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The “Austere” Future: Death instead of Taxes?

COMMENT: With social safe­ty nets fac­ing deep cuts through­out the devel­oped world (“aus­ter­i­ty”), the vul­ner­a­ble are going to be dying in ever greater num­bers. Aged, sick, dis­abled and poor peo­ple will be pushed over the edge to an increas­ing extent as the mod­est sums they com­mand are slashed.

In Mis­cel­la­neous Archive Show M12, we exam­ined the Nazi T4 euthana­sia pro­gram and how it grew out of the inter­na­tion­al eugen­ics move­ment and, in turn, led direct­ly to the death camps and Third Reich’s  exter­mi­na­tion poli­cies.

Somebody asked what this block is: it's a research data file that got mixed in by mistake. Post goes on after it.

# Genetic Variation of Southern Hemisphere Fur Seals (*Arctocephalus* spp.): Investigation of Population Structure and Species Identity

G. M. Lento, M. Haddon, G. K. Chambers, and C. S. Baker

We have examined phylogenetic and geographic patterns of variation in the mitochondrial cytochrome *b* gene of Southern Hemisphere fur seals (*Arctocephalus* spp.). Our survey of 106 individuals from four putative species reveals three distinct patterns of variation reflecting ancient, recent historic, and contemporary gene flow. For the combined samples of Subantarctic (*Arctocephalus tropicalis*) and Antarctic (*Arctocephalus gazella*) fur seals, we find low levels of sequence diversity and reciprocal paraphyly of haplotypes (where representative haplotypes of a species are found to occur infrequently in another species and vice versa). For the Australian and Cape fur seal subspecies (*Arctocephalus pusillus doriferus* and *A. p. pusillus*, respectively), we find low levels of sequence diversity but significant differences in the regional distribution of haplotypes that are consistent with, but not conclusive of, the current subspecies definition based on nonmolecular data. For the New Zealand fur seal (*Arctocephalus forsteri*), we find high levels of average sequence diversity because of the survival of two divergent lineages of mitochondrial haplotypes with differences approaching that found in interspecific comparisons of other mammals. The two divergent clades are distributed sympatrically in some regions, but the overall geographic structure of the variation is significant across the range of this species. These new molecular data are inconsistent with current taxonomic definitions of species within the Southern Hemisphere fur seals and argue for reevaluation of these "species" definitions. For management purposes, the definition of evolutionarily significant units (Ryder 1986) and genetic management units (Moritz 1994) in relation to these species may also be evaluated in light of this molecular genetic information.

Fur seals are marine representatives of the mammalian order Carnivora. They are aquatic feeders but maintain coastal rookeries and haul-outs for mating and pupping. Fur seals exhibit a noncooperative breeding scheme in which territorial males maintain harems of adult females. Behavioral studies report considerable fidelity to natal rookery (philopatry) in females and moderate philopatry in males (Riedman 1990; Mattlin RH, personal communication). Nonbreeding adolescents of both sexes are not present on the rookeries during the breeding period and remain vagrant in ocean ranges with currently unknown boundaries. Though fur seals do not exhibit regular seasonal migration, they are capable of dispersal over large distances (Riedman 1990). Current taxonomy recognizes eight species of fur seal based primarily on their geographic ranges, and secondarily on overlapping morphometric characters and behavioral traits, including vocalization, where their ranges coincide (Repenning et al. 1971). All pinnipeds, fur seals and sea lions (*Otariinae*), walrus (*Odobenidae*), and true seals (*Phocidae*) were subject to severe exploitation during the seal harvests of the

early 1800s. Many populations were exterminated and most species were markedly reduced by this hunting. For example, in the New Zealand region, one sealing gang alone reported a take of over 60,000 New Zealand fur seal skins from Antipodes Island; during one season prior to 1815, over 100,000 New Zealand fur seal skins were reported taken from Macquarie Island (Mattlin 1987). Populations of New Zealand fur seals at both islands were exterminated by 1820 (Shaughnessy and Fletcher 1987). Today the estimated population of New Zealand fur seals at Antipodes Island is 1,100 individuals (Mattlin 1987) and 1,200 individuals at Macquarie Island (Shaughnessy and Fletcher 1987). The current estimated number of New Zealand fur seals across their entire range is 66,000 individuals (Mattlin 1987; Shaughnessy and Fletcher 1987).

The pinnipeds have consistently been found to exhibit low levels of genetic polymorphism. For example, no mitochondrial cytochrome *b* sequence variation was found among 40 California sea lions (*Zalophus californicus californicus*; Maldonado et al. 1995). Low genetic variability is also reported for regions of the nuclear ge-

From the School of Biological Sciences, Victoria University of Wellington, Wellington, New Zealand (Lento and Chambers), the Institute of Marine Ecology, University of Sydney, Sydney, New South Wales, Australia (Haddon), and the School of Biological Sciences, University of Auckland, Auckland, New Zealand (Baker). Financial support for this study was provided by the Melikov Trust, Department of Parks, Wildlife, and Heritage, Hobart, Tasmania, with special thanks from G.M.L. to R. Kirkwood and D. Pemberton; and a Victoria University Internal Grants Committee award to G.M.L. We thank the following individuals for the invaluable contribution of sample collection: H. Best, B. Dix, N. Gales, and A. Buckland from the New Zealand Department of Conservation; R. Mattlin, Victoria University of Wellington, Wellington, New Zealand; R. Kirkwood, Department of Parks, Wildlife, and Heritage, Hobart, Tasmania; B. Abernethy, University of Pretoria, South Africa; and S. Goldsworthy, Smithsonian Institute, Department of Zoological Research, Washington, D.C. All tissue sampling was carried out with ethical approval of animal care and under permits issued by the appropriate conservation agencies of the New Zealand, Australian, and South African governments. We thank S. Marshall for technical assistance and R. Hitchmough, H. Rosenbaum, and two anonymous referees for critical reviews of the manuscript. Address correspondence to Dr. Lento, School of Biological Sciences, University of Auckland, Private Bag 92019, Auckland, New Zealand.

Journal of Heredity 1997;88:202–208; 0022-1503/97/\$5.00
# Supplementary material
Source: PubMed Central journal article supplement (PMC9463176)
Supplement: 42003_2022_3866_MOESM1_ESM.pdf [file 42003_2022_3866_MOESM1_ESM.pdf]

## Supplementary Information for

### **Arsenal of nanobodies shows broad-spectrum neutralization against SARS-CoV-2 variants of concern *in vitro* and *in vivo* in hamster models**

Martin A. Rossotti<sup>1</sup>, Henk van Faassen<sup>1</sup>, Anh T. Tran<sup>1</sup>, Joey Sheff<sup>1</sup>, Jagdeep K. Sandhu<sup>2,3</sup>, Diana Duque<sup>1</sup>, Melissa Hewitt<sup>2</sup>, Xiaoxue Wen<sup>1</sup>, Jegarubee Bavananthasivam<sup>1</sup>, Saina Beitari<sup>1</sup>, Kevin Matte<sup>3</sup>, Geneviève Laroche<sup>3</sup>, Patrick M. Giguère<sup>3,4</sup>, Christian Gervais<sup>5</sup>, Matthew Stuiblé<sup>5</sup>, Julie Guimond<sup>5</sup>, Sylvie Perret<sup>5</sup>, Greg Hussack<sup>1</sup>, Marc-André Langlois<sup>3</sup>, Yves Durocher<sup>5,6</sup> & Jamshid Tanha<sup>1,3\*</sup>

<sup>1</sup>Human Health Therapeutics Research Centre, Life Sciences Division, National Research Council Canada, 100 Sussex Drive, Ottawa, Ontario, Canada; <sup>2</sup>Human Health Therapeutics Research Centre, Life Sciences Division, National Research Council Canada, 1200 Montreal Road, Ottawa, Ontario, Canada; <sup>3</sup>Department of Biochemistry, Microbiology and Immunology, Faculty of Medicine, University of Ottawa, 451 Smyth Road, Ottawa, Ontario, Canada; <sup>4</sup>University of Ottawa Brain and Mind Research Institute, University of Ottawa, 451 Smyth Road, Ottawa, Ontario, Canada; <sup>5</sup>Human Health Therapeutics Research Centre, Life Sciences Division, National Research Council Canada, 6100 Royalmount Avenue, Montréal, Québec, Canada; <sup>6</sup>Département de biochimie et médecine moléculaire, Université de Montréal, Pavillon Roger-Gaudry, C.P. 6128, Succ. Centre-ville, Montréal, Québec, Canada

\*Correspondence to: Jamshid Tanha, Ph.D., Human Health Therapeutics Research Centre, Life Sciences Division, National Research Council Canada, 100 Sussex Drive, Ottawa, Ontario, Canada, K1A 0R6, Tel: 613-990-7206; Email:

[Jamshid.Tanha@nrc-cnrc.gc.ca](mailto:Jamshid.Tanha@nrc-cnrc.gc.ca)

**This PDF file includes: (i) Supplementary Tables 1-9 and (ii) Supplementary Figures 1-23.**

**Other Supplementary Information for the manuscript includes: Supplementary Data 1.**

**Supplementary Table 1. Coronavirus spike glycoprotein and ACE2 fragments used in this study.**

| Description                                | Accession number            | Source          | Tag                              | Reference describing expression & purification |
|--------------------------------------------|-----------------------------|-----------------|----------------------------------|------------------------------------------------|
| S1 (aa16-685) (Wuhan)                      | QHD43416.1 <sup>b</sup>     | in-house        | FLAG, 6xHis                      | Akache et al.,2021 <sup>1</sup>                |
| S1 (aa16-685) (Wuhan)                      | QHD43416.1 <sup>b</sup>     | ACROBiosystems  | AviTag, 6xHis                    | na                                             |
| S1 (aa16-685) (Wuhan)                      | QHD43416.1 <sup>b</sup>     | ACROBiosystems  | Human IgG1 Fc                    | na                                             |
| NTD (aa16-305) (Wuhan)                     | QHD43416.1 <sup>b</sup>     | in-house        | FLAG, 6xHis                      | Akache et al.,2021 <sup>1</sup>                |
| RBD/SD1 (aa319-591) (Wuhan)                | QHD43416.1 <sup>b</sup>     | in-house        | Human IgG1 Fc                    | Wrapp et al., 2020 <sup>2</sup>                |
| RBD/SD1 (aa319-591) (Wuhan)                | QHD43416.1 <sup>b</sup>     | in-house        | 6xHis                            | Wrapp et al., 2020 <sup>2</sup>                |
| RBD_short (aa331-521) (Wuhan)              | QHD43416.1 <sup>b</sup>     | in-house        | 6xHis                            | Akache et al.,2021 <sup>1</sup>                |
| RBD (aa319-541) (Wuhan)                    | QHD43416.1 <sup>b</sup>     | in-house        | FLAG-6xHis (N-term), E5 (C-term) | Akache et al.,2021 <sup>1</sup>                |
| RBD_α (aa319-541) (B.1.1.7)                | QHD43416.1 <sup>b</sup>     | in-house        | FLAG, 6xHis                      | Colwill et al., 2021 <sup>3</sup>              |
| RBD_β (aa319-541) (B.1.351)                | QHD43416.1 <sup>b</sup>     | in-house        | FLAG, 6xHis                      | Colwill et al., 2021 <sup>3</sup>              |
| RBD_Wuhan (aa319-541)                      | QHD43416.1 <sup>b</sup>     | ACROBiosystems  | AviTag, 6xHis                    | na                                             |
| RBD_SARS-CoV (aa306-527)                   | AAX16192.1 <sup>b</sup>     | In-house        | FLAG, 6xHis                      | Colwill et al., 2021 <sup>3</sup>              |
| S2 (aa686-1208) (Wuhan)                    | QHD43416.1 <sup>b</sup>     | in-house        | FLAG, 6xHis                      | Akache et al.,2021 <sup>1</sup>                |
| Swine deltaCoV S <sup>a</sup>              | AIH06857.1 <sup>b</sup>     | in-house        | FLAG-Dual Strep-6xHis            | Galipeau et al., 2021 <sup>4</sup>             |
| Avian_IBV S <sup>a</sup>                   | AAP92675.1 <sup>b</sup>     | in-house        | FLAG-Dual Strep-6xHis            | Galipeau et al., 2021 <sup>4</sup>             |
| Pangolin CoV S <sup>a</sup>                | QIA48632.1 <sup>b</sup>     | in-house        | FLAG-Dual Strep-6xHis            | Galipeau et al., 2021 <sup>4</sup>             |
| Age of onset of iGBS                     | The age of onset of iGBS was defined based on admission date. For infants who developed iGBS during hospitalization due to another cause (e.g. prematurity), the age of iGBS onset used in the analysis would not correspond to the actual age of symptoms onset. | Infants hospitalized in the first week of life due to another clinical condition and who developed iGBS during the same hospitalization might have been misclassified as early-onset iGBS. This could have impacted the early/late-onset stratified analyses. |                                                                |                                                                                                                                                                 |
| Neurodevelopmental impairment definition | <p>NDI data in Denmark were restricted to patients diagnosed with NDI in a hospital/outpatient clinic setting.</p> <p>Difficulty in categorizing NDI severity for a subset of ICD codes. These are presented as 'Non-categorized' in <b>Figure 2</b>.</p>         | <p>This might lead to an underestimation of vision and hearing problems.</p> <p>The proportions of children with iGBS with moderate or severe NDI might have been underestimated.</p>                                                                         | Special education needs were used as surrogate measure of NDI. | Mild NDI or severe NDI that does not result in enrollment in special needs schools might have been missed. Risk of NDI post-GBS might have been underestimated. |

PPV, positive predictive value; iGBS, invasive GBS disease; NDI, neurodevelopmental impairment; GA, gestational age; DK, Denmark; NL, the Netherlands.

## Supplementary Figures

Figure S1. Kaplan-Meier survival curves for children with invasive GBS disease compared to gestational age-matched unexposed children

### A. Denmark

In FTR #‘s 117, 124, 141, we vis­it­ed with Wes­ley J. Smith, the author of Forced Exit: the Slip­pery Slope from Assist­ed Sui­cide to Legal­ized Mur­der. In that vital­ly impor­tant book, Mr. Smith notes how the physi­cian-assist­ed sui­cide of “ter­mi­nal­ly ill patients” can lead very quick­ly to legal­ized mur­der of the infirm.

The loom­ing ques­tion is this: will bud­getary “aus­ter­i­ty” lead to the elim­i­na­tion of the vul­ner­a­ble instead of spend­ing pub­lic rev­enues on them? Will we see legal­ized mur­der insti­tut­ed in lieu of the high­er tax­es that the world’s eco­nom­ic elite so dear­ly wish to avoid?

Lis­ten to the inter­views with Smith and read the book.

And be afraid. Be very afraid.

“Dutch Mobile Euthana­sia Units to Make House Calls” by Kate Con­nol­ly; The Guardian [UK]; 3/1/2012.

EXCERPT: A con­tro­ver­sial sys­tem of mobile euthana­sia units that will trav­el around the coun­try to respond to the wish­es of sick peo­ple who wish to end their lives has been launched in the Nether­lands.